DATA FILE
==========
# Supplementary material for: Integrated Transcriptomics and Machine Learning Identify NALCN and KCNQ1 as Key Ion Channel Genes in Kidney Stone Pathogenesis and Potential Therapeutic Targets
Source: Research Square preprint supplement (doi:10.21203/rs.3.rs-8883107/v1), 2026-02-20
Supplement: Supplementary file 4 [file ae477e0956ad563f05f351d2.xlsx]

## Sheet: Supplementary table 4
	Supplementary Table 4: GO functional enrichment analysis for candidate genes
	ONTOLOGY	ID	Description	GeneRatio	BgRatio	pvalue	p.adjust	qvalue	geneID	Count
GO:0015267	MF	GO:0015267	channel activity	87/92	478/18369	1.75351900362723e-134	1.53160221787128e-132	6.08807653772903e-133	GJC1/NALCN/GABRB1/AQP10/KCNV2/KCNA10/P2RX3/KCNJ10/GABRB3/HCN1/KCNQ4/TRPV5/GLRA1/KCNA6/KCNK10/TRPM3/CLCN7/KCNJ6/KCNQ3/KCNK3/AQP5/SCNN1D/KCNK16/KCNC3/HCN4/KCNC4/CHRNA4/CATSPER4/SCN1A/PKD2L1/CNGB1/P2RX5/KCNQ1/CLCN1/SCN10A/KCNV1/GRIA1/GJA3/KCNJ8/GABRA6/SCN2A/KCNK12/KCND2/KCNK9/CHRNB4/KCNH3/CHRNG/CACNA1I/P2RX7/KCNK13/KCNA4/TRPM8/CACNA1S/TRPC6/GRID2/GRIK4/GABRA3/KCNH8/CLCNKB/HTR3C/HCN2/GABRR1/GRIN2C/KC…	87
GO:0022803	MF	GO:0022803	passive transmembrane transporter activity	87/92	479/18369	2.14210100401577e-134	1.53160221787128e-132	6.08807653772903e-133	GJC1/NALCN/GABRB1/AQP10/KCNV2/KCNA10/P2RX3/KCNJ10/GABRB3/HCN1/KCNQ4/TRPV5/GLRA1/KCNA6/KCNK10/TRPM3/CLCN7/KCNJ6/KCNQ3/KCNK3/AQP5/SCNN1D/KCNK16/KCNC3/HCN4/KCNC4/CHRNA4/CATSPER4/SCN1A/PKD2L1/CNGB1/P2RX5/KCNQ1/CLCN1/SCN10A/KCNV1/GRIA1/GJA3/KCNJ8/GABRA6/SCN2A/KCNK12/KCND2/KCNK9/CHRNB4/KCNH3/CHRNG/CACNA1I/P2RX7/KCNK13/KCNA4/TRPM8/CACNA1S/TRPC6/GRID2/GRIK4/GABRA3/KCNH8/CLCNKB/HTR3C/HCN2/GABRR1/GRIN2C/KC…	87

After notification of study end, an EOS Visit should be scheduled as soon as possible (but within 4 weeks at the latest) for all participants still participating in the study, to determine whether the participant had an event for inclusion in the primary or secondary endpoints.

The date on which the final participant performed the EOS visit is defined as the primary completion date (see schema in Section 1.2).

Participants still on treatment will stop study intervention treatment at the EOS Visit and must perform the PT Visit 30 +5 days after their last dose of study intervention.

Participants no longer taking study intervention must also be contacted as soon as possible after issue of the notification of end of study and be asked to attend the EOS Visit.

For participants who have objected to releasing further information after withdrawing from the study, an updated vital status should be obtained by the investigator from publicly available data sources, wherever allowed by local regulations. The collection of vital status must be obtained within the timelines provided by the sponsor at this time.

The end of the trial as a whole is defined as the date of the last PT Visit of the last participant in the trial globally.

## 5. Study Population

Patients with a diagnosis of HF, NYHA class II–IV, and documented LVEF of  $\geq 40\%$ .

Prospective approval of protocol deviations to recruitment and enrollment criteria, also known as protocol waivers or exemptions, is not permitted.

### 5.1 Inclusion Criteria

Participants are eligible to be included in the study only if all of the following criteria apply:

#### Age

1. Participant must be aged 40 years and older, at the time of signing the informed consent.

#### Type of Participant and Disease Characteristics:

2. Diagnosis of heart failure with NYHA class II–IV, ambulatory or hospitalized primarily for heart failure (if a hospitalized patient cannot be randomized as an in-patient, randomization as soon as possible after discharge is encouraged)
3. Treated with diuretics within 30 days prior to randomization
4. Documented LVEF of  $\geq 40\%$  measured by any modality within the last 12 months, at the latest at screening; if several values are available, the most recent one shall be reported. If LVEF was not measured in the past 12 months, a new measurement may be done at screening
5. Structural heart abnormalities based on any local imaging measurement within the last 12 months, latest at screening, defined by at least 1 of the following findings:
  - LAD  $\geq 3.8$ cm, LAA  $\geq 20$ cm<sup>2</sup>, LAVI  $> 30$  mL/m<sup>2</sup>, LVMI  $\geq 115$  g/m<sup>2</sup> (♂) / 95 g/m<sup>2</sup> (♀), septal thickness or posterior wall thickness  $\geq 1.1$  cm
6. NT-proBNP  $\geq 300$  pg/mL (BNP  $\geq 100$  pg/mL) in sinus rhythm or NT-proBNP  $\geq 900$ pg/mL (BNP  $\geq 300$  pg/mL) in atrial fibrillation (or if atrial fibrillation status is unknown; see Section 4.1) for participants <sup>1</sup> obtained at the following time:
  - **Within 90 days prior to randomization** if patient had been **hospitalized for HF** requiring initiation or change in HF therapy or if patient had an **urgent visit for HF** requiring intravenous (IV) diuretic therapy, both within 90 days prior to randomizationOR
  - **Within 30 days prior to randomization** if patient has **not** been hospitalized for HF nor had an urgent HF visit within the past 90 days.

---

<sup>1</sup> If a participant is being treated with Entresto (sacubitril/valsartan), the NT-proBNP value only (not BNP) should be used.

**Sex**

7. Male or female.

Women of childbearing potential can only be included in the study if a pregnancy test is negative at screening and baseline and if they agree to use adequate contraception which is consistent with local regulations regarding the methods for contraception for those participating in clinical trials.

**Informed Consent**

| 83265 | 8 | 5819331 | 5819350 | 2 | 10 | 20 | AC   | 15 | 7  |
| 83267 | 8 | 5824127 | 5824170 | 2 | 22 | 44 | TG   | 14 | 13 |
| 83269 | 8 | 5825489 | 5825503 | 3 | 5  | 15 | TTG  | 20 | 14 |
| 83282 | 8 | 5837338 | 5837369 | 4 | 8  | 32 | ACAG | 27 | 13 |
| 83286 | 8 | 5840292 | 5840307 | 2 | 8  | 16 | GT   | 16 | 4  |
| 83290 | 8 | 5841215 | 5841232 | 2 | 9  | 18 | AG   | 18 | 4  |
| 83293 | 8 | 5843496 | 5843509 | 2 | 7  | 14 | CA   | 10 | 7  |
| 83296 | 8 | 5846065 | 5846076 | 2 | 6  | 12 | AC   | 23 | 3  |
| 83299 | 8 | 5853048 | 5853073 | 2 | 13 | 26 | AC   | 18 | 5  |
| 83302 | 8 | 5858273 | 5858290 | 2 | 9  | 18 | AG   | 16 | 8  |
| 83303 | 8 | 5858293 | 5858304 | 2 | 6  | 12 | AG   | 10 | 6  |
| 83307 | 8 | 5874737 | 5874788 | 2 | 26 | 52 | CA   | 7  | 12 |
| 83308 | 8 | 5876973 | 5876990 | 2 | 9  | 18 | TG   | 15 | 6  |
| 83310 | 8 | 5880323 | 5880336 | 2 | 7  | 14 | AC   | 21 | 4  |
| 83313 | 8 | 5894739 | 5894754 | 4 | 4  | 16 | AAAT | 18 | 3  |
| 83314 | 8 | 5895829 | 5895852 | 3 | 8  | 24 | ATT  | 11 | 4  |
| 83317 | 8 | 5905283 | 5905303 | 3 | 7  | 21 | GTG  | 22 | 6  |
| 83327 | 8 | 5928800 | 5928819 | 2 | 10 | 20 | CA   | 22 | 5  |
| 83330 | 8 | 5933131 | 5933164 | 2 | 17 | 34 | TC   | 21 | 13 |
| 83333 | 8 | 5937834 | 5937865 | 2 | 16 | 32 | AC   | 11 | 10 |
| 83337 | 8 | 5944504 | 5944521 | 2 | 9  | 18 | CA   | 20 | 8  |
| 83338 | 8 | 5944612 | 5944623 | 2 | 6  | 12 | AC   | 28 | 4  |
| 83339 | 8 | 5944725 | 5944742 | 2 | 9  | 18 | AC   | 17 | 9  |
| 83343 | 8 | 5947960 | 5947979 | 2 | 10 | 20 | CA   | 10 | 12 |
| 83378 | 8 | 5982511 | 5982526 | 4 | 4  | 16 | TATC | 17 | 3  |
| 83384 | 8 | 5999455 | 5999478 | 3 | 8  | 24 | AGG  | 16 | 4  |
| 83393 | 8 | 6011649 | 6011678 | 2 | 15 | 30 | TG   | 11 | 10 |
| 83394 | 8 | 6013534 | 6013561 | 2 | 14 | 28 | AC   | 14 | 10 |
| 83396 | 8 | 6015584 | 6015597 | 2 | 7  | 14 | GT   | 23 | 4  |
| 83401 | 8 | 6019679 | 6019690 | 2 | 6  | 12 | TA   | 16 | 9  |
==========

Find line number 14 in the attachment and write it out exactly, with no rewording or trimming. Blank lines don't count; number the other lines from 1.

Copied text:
The end of the trial as a whole is defined as the date of the last PT Visit of the last participant in the trial globally.